Columbia University has its verdant quad, New York University has Washington Square, but until recently, Baruch College, the City University of New York’s outpost in the Flatiron District, had no outdoor space to call its own.
The college is housed primarily in buildings that flank East 25th Street between Lexington and Third Avenues, where students would dodge traffic — an estimated 20,000 street crossings a day, not all of them legal — to get from class to class.
But in December, the school received permission from the city to permanently close its East 25th Street block to vehicular traffic. Since then, it has been reconfigured into an outdoor plaza, of the sort familiar to travelers in Michael R. Bloomberg’s New York.
On Thursday, Baruch turned its annual Spring Fling into a celebration of plazahood.
Students streamed out of buildings, nearly filling the block. Alicia Keys’s “This Girl is on Fire” rang out from steel drums, and a Ferris wheel offered riders a different view of the 17-story William and Anita Newman Vertical Campus on the south side of the street.
On an average day, the amenities of the plaza are more quotidian: movable tables and chairs providing a place to study, some planters and boulders to break up the long block. But students said they were very pleased to have even the simplest of spaces to gather outdoors.
“Everyone’s a little bit happier,” said Chris Catalano, the president of the undergraduate student government. “This time of year, people would love to be outside, but we didn’t have that option. People would be crammed in the cafeteria desperately searching for a seat — it kind of gets crowded in there. You’d wind up seeing people just sitting on the sidewalks; anywhere they could find a seat.”
Mitchel B. Wallerstein, the school’s president, was delighted to preside over the occasion. “It’s been a dream of many of the presidents before me to create an outdoor campus environment,” he said. “Fortunately the current mayoral administration has had this plaza program and was very open to the idea.”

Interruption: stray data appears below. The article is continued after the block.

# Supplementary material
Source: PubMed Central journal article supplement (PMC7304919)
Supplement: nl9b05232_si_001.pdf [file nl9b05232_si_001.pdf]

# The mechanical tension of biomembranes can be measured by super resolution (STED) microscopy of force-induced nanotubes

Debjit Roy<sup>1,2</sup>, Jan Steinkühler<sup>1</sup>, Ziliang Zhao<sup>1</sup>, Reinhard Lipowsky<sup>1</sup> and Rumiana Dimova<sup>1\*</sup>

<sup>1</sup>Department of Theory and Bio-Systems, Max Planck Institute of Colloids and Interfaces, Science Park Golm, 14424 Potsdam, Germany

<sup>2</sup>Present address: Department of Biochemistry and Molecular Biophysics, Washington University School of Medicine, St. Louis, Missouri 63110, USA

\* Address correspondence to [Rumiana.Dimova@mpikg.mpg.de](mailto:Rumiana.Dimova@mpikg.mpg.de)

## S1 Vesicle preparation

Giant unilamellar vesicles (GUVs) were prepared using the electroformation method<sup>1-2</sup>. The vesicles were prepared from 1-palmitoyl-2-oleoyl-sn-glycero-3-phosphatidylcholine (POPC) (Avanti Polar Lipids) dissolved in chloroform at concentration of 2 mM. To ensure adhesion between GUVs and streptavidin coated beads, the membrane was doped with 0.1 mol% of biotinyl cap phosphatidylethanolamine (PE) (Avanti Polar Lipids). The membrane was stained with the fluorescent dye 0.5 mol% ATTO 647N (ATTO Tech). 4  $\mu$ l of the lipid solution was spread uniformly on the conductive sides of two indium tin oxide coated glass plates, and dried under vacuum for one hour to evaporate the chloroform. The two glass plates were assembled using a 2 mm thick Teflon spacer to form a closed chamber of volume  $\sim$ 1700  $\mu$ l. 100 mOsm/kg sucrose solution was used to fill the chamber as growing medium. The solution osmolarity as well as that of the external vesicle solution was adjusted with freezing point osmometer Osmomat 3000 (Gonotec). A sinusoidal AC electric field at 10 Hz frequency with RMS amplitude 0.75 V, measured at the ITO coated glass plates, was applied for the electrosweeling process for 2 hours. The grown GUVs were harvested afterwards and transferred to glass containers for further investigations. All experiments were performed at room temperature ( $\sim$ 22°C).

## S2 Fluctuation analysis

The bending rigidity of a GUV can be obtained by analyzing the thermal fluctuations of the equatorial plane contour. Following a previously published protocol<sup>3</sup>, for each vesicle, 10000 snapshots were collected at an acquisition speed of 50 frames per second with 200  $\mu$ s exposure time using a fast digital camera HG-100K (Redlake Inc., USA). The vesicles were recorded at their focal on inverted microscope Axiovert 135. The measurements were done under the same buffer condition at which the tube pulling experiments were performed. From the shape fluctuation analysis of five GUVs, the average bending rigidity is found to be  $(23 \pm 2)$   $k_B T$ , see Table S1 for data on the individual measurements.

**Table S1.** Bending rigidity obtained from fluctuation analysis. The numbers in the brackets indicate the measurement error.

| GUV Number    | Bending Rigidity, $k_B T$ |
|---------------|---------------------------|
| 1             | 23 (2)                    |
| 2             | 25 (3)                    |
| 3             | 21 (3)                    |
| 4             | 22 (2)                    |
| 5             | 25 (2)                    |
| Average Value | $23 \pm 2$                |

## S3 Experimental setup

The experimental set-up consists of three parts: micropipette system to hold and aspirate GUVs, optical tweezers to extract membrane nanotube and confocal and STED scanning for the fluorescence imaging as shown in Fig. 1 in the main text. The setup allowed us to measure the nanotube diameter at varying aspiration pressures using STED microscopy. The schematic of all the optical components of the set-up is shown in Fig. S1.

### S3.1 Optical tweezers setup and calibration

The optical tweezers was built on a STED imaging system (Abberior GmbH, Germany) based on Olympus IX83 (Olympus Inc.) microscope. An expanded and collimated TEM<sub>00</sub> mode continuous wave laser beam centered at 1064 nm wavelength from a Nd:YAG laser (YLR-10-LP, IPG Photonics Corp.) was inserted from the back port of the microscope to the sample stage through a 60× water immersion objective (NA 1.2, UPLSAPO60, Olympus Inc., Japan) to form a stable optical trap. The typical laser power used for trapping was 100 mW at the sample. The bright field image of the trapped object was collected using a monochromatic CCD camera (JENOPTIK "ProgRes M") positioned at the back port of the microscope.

Baruch has resurfaced the black roadway in beige and plans to raise it to curb height to make the space feel more permanent. The folding tables and chairs look like those in other city pedestrian zones, but are painted Baruch blue-and-gray.
Despite the school branding, Mr. Wallerstein cast the plaza as a winning proposition for the school and its neighbors, some of whom opposed the change.
“This part of Manhattan has the least amount of public space in the city,” he said. “This adds to the public space for the whole community.”
The plaza is open 24 hours a day; the school plans to hold art fairs, concerts and other events in collaboration with the neighborhood. (Baruch also has three buildings between East 22nd and East 23rd Streets.)
While a game of ultimate Frisbee is not as likely here as it might be on larger, greener campuses, Baruch students said they were happy with what they’ve got.
“This is a commuter school,” said Valery Pinette, a student. “So it’s really great to create some kind of community.” She added, “We don’t have a campus, per se, so this is just what we get. And I think we deserve it.”
John Shapiro, chairman of the Pratt Institute’s Center for Planning and the Environment, said that outdoor common space was essential to higher education.
“To say it boosts morale suggests that it’s dessert; I’m suggesting that it’s protein,” he said by phone. “Students need a place to let it all out. They have erratic schedules. They are at a highly social period of their life. A lot of learning is experiential.”
He added: “In the end of the day, we want that direct light, we want that feeling of the passage of the seasons, the changing of time during the day, the people watching.”